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Rafting the Rio Naranja

As I helplessly drifted down the rushing river, I decided I would never leave my house again. I thought this would be a safe leisurely stroll down the river, but it became a major life experience that would determine my future as an intrepid adventure traveler. After watching endless hours of meaningless reality TV one day, something swept over me and I felt compelled to go whitewater rafting down one of Costa Rica’s many rivers at the beginning of their occasionally dangerous rainy season—a choice considered unwise by a friend many years before. Alarmed by his advice during my first trip to Costa Rica, I abandoned all future adventures by firmly planting myself on my couch cushions (one of which now has a permanent indention).  Luckily for me, my newly discovered infatuation came at a fortuitous time for as I planned my yearly vacation, I decided this one would be full of adventures. The appointed time came and the adventure began…

The day started simply enough at 6:00 am for myself, my husband Jeff, my sister Allison, and my sister-in-law Laura as we prepared for our first rafting experience.  Not only was this our first voyage down a river, it was also Laura’s first time outside the confines of rural America and Allison’s first trip to Latin America; after visiting Costa Rica’s numerous beaches, we thought a trip down a river would be a nice safe change. However, I cannot deny the nerves flowing through the room as the rafting rookies started the day.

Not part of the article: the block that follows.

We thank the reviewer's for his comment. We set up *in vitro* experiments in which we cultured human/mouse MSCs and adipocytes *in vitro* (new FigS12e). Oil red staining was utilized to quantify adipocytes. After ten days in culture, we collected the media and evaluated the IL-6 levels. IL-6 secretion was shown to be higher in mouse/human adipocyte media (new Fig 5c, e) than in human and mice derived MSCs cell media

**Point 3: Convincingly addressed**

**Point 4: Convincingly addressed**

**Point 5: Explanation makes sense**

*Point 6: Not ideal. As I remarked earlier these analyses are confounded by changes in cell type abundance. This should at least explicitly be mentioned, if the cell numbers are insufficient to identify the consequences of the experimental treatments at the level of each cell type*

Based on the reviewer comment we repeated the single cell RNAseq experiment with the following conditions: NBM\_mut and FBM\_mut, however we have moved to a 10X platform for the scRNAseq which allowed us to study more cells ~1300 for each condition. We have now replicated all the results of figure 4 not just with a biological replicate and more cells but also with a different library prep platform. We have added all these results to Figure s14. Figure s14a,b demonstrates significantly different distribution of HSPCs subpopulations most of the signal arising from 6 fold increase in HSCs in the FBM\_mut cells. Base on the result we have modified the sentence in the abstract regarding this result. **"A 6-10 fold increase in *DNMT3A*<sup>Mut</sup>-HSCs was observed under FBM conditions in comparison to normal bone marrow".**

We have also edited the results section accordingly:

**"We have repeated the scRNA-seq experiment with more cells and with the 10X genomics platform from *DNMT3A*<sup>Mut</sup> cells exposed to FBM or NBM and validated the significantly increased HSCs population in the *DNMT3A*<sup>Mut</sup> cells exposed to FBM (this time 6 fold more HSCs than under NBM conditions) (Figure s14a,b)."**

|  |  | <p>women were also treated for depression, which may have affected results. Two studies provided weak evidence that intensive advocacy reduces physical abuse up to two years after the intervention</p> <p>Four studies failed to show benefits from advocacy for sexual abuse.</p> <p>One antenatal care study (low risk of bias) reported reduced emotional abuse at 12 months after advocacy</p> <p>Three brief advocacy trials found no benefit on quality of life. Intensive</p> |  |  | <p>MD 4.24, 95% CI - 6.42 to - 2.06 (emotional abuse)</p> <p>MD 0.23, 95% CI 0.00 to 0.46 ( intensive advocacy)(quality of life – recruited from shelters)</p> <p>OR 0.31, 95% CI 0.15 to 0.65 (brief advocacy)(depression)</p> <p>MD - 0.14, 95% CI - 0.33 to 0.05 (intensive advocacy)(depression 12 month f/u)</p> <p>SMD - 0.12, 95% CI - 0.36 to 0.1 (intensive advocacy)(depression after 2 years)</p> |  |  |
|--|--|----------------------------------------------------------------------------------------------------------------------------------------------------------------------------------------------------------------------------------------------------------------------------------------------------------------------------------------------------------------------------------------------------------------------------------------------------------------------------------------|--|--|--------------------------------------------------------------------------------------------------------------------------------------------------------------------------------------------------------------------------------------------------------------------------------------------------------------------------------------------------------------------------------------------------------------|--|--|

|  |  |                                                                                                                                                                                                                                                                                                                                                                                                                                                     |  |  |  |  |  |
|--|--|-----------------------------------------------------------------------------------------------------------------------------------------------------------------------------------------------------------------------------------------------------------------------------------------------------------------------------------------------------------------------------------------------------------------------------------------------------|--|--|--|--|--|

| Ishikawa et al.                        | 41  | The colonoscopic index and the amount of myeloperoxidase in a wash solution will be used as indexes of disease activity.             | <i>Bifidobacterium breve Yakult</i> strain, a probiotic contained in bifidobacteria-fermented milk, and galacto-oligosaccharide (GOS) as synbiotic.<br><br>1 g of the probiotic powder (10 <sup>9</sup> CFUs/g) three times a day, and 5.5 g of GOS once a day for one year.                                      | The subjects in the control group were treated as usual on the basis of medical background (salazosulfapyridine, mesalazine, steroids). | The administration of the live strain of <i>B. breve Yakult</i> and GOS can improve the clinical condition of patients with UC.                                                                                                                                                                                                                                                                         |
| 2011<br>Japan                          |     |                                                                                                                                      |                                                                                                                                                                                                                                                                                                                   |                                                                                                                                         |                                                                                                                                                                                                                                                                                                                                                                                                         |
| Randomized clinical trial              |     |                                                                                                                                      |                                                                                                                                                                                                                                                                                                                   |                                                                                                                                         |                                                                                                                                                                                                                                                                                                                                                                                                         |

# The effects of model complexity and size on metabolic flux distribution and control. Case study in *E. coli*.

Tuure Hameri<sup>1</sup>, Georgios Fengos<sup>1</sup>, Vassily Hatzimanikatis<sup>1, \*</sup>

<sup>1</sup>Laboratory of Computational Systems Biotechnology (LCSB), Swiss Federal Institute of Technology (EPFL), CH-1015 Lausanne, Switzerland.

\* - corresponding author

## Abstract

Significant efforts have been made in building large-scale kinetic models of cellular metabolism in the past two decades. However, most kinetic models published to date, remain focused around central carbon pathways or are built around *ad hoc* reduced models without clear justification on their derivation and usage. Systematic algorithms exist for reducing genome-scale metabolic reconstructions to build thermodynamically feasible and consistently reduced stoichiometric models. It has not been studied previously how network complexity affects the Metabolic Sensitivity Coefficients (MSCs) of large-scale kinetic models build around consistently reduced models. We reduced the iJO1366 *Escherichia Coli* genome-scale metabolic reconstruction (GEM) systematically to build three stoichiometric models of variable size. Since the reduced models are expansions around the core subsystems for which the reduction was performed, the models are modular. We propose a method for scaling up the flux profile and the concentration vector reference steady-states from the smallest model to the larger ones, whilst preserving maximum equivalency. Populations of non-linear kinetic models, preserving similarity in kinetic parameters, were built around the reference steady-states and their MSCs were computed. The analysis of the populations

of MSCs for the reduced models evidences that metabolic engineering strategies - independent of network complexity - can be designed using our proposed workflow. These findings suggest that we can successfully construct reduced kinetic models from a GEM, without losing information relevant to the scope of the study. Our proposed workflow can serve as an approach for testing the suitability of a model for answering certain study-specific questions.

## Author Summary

But start we did. As per the American way, we arrived early to the designated pickup spot.  Yet although the itinerary said 7:00 am, by 7:25 there was still no sign of our hired rafting guides.